“Consumer lobbyists were hopelessly outnumbered and outspent by the airline industry,” says Hasbrouck, pointing to the final outcome of the FAA bill, which favored the airlines.

But that’s slowly changing. And that’s good news not only for air travelers but for all travelers.

18 thoughts on “FAA bill offers a mixed bag for air travelers

  1. I couldn’t vote.

    Chris, I think you forgot this bill allows about 30,000 drones to be used for domestic surveillance. It requires the integration of both public and civil (meaning private) drones into our airspace.  So one sure loser is us – our privacy.



    (a) IN GENERAL. — The Secretary of Transportation shall establish an advisory committee for aviation consumer protection to advise the Secretary in carrying out activities relating to airline customer service improvements.
    (b) MEMBERSHIP. —The Secretary shall appoint the members of the advisory committee, which shall be comprised of one representative each of —
    (1) air carriers;
    (2) airport operators;
    (3) State or local governments with expertise in consumerprotection matters; and
    (4) nonprofit public interest groups with expertise in consumer protection matters.
    (f) DUTIES. — The duties of the advisory committee shall include —
    (1) evaluating existing aviation consumer protection programs
    and providing recommendations for the improvement of such programs, if needed; and
    (2) providing recommendations for establishing additional aviation consumer protection programs, if needed.

    (h) TERMINATION.—The advisory committee established under
    this section shall terminate on September 30, 2015

    Since when did the airlines and airports represent consumers or consumer protection?  It’s their nasty behavior that consumers need protection from.

  3. Airlines will always win this battle. Despite the taxpayers bailing them out, they still show contempt for the consumers.

    Personally, I would’ve let ’em fail.

    If you have a bad business model, you don’t deserve to stay in business.

    A friend I work with (much older than I) talks of the days of regulation with FOND memories. I don’t remember much about those days other than flying to Di$ney as a kid and eating a HOT breakfast in coach…

    But anyone else care to chime in? How much more expensive was it? Weren’t the seat width/pitch sized a bit better?

    1. I remember the days when PanAm and other airlines used to give away shoulder bags, tooth brushes and paste, combs, socks and sleeping masks – for coach class. I think TWA also gave out some of this. I don’t remember getting anything from Braniff or Eastern. Also the napkins were cloth and there were more leather seats.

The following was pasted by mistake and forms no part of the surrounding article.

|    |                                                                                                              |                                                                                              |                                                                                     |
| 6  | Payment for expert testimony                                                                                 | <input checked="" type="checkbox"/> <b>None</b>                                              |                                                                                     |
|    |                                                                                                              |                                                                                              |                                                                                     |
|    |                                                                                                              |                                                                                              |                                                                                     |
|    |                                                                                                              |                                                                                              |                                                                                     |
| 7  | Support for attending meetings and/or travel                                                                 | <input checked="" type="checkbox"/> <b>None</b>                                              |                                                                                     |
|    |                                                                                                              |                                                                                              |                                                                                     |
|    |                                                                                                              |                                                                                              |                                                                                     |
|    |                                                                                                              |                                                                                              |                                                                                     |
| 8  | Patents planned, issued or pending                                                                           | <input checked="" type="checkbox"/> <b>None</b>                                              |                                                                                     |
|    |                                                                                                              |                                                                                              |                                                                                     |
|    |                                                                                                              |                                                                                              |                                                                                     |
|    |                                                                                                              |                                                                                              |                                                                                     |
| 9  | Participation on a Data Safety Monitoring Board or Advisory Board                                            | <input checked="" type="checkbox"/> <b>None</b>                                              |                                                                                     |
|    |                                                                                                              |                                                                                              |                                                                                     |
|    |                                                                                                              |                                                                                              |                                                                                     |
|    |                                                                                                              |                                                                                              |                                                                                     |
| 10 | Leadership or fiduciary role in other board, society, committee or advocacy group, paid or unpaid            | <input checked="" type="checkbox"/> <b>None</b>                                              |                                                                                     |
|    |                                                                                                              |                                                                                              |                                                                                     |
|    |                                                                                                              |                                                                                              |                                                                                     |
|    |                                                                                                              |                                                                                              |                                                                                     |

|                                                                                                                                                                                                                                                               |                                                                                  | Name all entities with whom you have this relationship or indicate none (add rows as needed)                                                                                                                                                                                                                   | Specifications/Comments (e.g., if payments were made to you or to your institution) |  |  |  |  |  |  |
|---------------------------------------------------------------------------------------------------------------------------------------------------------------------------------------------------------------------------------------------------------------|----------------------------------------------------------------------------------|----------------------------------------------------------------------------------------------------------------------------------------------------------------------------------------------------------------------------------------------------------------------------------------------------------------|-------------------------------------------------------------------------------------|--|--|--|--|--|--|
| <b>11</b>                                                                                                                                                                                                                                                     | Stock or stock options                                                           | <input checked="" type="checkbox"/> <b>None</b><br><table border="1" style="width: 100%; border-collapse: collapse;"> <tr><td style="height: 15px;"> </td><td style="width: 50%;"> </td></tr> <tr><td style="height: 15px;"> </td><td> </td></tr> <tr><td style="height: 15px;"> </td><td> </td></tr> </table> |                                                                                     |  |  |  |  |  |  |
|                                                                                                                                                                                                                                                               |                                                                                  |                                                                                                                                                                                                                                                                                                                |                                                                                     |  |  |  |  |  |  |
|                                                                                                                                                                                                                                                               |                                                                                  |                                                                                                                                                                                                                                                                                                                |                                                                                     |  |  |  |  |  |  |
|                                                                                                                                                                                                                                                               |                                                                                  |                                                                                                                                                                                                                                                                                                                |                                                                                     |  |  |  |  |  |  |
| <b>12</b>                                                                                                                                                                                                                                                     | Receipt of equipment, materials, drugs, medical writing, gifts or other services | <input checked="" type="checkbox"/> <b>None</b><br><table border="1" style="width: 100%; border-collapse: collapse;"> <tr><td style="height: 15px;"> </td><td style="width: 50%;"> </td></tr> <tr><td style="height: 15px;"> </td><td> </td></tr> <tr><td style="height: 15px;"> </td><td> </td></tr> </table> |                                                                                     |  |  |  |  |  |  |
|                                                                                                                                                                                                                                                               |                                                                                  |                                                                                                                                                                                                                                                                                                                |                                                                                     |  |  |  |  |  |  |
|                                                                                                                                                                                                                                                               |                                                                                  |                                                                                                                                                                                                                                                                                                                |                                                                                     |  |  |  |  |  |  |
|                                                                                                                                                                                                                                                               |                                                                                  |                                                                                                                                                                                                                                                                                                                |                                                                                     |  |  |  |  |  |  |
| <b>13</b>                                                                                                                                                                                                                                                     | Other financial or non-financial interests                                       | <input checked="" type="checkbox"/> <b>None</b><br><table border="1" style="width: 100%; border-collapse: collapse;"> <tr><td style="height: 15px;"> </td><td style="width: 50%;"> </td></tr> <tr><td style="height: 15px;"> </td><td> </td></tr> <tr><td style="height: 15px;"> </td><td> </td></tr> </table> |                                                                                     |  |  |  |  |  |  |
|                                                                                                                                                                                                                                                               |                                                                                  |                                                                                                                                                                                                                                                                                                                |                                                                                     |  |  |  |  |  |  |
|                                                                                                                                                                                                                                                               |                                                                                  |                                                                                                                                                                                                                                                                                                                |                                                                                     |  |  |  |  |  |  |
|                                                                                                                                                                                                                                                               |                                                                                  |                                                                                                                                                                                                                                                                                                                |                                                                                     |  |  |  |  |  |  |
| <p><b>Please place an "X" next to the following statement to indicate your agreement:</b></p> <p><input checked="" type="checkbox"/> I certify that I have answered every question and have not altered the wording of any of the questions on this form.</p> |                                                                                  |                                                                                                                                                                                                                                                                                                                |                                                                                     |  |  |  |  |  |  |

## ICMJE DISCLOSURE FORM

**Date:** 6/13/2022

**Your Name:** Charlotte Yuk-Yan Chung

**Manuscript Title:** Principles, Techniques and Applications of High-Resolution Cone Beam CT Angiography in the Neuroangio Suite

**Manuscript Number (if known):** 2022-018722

Nowadays if you want service, you need to fly primarily Singapore Air, Cathay Pacific, Asiana, Thai Airways or Qatar.

      The best thing Congress can do is to declare the USA completely Open Sky. Let the foreign airlines compete here for domestic flights. Let’s see what happens.

      How come you never hear something like that from a Nader, Consumer Alliance or Ron Paul? Let’s have a lot of competition. May the best airline win, period.

    2. I recall the ’70’s and getting hot breakfasts twice on the same journey. A one-stop flight, no change of planes, with two 45 minute segments. I was a kid, so I don’t recall seat width and pitch.

      If you look at the success of one of your favorite carriers (jk), Spirit has minimized seat pitch and service yet the consumer has responded by flocking to them in droves. Since  airfares aren’t regulated, air travel has simply become a commodity. 

      Airlines have responded by cutting costs to reflect that attitude as well. (They’ve also hooked the regular traveler with their frequent flyer programs.)

      Imagine a world where Spirit, Delta, American, United and Southwest had the same fare (and no fees) on the route you want, no loyalty program and a similar schedule, now how would they get you to choose them? What factors would influence your decision?

      Something like this was a big deal to me and I also remember convincing my parents to try it when we took a flight:


      Video games on a plane!

    3. I flew once in the regulated era in 1977 on a flight from IAH to IAD on a 737 in coach.  It cost me a month’s salary for the round trip (of course I made a lot less even in inflation adjusted terms back then, but it was still expensive).  The seats were comfortably spaced for leg room, we got a hot lunch (lasagna, 3-bean salad, and a piece of cake – all were perfectly formed cubes of inedible crap), 2 glasses of wine poured from a full size bottle (other alcohol throughout the flight was available but you were limited to 1 drink per hour), blankets and pillows, a choice from about 50 magazines and several newspapers if we wanted to read.  All provided by young slim flight attendants who appeared to actually be happy to be there.

      As far as the expense, a quote from Wikipedia from Supreme Court Justice Stephen Breyer in the airline deregulation article states that the lowest priced LAX to JFK round trip flight back then was $1,442 in inflation adjusted dollars.  You can fly that same round trip today for $300.  Would anyone you know want to pay that much more on every flight just to get a hot meal and a couple inches more leg room?